Cultivating Place: Mia Lehrer And Urban Landscapes
We all know that human development impacts nature, and that the most developed of human spaces — cities — without any nature in them, negatively impacts humans. Since the very beginnings of the fields of landscape architecture and public planning, there have been designers, builders, thinkers and dreamers who have worked to interweave nature — its sense of green, of refuge, or peace — into these otherwise very inorganic areas, for the benefit of both the ecological world and the benefit of humans. Think of Frederick Law Olmstead’s work in New York’s Central Park and many, many other urban parks across the country at the turn of the 19th century. To varying degrees of success, generations of landscape architects since Olmstead have carried the torch.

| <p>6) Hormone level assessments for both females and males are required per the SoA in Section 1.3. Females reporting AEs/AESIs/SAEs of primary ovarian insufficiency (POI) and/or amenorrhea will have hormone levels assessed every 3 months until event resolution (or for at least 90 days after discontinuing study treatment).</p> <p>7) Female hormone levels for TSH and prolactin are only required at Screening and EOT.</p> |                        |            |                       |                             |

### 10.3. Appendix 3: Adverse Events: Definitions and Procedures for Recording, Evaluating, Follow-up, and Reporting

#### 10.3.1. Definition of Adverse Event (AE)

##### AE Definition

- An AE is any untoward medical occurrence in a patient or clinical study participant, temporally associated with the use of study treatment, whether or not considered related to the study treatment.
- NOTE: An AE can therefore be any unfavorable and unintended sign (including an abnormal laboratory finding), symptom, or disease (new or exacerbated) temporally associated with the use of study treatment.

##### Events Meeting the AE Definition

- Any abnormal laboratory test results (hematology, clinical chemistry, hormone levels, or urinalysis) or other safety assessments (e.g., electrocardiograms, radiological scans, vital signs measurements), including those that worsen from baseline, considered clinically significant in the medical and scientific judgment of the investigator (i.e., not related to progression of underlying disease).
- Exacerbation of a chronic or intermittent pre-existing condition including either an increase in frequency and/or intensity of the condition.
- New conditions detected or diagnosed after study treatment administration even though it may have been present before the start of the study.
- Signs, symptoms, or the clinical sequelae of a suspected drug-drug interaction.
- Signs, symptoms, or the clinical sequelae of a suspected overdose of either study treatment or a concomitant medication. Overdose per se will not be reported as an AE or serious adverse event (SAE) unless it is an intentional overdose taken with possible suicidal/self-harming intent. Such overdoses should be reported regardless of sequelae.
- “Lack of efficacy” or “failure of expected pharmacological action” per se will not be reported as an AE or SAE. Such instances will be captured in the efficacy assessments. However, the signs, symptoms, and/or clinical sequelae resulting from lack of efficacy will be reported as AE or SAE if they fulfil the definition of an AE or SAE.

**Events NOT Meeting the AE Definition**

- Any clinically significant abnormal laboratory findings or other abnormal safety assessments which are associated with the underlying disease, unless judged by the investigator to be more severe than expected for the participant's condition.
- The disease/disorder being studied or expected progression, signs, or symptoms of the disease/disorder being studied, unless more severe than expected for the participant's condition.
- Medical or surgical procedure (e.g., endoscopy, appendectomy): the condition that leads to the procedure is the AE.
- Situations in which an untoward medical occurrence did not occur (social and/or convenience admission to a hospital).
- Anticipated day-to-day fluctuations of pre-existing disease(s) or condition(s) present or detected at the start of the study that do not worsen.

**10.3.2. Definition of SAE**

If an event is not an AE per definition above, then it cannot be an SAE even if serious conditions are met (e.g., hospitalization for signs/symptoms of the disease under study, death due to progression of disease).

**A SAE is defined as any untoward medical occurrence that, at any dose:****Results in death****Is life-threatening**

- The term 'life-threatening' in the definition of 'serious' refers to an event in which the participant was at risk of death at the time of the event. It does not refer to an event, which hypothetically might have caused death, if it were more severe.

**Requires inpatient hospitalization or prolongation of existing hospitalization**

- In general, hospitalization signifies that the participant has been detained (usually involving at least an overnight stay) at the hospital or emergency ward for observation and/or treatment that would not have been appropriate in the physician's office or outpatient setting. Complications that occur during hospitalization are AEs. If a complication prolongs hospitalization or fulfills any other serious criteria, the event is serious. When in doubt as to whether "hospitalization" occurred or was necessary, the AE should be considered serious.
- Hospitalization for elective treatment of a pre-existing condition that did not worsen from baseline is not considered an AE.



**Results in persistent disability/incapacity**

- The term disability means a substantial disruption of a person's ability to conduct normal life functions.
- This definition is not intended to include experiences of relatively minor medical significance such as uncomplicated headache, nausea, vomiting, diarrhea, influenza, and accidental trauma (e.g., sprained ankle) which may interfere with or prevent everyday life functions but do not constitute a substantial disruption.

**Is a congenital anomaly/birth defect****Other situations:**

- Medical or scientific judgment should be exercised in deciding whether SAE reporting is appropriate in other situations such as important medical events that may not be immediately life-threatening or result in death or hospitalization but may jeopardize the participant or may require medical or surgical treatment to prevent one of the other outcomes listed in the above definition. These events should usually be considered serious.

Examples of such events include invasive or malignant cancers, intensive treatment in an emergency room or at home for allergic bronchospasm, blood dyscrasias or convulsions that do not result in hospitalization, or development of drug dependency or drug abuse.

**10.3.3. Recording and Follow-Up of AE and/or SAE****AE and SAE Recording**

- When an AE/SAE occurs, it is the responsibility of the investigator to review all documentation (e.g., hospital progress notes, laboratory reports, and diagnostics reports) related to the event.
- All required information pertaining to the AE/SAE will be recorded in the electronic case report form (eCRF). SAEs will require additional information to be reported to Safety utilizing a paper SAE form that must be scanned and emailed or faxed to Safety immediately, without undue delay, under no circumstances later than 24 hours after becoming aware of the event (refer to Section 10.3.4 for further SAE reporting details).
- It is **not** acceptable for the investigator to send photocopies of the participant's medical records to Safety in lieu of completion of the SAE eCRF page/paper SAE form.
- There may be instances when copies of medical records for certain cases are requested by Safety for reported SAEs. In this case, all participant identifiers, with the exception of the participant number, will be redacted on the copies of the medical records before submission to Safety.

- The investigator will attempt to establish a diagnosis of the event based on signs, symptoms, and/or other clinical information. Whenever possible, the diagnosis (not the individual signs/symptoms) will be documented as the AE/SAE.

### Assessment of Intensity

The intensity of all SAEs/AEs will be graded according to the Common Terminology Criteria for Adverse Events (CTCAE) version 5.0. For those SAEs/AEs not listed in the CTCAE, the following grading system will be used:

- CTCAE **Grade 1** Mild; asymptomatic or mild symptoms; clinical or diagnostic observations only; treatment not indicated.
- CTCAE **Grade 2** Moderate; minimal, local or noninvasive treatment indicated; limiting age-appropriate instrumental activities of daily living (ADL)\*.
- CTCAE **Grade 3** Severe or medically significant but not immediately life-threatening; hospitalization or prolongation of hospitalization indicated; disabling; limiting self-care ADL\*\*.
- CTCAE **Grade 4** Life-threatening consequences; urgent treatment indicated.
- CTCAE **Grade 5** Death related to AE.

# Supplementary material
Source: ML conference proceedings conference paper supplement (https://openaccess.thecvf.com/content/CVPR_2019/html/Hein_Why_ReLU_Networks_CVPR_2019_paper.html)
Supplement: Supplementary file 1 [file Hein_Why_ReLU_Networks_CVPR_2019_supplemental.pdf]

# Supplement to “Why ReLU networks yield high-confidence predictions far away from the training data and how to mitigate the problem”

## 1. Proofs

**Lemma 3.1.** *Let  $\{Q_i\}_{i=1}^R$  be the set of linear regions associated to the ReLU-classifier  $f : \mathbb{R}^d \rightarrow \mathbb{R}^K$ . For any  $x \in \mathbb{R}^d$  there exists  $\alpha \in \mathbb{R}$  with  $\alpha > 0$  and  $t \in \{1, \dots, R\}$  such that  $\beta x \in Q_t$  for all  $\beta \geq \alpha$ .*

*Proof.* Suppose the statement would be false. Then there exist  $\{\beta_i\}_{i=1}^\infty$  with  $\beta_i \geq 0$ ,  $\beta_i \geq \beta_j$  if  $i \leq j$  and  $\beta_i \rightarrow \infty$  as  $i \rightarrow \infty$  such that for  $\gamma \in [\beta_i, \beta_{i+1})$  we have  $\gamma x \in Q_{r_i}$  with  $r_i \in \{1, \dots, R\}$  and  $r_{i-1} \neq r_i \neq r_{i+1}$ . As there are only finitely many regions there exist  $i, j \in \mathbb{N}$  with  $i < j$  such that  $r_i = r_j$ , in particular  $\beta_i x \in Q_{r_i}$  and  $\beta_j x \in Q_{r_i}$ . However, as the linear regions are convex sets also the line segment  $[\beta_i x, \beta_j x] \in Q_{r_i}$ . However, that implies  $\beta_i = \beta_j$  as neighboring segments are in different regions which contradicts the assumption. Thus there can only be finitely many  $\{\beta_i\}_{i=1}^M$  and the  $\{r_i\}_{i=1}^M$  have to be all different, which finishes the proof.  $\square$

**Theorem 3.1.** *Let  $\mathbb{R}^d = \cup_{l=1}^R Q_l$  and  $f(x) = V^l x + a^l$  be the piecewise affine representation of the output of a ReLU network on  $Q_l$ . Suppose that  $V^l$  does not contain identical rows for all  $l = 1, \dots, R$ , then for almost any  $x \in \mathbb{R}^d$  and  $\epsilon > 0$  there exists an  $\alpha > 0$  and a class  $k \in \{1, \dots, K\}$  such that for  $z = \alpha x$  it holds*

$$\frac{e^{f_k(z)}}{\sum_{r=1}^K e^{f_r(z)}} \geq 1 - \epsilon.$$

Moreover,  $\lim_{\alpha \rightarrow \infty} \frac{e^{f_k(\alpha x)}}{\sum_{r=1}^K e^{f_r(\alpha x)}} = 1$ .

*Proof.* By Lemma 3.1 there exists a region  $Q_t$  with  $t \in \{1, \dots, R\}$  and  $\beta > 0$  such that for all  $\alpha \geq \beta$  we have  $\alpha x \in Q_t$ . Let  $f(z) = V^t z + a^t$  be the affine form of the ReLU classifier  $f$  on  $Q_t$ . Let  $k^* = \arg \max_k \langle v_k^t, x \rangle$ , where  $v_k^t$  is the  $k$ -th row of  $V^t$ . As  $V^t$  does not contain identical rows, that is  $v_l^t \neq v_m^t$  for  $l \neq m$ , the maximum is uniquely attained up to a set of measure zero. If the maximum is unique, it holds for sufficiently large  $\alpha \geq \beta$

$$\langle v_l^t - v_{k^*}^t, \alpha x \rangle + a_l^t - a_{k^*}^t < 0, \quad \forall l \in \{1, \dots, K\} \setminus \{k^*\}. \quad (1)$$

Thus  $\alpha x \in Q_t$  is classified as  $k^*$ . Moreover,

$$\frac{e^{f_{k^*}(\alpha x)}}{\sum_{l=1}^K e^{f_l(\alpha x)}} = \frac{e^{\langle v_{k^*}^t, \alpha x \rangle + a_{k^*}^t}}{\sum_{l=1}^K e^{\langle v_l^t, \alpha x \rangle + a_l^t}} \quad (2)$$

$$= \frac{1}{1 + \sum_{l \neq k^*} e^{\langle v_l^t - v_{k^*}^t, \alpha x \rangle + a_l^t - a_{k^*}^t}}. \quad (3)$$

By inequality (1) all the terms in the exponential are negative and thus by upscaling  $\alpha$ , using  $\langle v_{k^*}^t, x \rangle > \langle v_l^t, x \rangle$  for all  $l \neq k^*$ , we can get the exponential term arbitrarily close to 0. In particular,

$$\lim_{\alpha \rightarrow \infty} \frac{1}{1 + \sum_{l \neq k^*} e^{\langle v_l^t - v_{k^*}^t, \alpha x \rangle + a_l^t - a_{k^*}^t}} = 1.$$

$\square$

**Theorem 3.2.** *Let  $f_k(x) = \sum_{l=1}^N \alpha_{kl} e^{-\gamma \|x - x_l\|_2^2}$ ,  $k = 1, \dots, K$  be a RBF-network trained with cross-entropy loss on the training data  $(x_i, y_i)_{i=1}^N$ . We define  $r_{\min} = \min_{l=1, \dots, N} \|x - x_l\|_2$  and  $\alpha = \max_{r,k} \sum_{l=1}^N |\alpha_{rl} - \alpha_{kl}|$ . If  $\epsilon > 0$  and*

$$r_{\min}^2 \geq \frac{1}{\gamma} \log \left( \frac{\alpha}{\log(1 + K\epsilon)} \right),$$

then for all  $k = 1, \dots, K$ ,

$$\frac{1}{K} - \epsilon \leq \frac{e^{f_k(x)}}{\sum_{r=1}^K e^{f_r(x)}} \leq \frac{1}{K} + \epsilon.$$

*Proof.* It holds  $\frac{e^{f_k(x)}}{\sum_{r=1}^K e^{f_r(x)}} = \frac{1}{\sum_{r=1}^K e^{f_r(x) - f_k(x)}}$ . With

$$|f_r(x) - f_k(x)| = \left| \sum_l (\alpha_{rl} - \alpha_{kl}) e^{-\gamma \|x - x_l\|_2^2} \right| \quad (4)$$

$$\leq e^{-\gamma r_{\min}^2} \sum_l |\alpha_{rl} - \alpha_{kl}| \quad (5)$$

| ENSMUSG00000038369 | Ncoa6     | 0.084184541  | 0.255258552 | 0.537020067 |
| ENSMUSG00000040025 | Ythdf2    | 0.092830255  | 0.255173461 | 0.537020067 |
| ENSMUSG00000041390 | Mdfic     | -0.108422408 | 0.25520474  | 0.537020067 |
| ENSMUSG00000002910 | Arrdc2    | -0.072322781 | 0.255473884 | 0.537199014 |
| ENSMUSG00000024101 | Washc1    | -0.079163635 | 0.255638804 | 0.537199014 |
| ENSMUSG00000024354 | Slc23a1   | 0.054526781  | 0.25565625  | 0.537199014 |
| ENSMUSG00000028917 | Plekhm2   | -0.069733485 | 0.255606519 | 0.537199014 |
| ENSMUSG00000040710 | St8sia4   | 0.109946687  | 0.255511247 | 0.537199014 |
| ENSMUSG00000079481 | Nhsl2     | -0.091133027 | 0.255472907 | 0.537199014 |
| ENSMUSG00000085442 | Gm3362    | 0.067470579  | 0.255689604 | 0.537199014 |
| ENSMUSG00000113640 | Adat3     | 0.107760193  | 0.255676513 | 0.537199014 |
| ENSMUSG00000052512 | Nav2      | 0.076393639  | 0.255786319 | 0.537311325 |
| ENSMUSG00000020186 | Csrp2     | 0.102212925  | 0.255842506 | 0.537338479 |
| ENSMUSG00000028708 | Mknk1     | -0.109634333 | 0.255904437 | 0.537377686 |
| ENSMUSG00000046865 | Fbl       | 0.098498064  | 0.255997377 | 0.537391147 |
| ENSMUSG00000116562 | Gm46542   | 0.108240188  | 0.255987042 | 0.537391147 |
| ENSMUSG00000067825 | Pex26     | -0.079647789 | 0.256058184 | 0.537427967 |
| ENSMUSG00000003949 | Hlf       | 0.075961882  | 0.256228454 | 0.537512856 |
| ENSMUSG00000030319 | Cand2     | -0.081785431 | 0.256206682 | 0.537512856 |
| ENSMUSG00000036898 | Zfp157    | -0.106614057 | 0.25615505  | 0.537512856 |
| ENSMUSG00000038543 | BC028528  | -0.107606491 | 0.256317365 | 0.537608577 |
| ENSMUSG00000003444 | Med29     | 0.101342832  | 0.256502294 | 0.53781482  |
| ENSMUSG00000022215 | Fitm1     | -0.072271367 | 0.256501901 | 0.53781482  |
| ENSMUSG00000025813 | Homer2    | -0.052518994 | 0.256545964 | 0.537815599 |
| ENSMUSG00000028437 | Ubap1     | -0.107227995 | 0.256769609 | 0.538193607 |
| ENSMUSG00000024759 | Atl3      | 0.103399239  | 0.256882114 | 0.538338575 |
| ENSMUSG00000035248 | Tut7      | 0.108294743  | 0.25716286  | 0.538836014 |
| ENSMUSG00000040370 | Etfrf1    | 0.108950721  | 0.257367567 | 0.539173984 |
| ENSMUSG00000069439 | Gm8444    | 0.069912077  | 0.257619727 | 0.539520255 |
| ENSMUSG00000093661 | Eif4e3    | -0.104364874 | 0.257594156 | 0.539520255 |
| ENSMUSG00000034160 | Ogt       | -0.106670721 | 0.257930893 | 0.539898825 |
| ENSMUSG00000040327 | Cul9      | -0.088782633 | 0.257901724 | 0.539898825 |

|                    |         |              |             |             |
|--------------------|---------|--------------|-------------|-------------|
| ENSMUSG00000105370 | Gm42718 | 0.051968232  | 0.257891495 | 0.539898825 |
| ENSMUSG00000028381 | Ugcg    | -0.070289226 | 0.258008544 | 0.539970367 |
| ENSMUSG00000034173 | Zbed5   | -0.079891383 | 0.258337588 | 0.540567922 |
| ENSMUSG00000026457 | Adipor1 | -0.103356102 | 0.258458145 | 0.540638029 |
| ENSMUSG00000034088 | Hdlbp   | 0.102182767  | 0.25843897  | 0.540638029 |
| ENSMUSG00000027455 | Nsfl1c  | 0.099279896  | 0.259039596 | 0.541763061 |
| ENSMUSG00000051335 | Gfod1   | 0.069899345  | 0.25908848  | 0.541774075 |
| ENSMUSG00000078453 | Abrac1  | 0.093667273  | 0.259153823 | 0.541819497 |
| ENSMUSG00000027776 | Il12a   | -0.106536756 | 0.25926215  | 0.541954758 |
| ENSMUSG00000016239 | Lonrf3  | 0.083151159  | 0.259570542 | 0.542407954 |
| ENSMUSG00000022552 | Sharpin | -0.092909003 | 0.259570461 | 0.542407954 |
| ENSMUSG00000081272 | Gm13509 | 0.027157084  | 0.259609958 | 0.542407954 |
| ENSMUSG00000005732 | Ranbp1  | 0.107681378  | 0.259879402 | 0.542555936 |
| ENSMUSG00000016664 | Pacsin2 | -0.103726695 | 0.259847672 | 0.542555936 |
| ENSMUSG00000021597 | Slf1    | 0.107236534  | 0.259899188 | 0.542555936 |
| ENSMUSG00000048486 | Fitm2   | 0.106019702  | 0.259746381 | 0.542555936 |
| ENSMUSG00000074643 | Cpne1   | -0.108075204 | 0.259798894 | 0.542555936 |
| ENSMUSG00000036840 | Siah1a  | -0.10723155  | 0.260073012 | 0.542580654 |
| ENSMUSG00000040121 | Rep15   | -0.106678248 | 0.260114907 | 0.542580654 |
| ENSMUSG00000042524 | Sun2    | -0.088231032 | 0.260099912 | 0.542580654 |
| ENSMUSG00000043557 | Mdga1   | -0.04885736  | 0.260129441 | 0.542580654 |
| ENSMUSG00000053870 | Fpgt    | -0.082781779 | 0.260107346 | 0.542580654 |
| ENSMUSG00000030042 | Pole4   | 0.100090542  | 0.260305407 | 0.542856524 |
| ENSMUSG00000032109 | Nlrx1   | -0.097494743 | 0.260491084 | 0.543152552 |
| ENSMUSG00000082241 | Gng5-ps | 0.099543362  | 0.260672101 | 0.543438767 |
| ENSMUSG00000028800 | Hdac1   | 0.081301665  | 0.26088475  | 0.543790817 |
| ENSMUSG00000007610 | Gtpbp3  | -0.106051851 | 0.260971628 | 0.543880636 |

One of our generation’s leading lights in this work of bringing nature home to our urban areas is Mia Lehrer. Mia is the founding principal of Los Angeles-based Mia Lehrer + Associates, whose garden design work – particularly in urban environments – embodies her belief in the power of landscape to enhance the livability of a city and to heal the environment. Her award-winning work includes the Nature Gardens at the Natural History Museum of Los Angeles County in the heart of downtown LA.
This captivating conversation went too long for our on-air program. Hear the extended version below.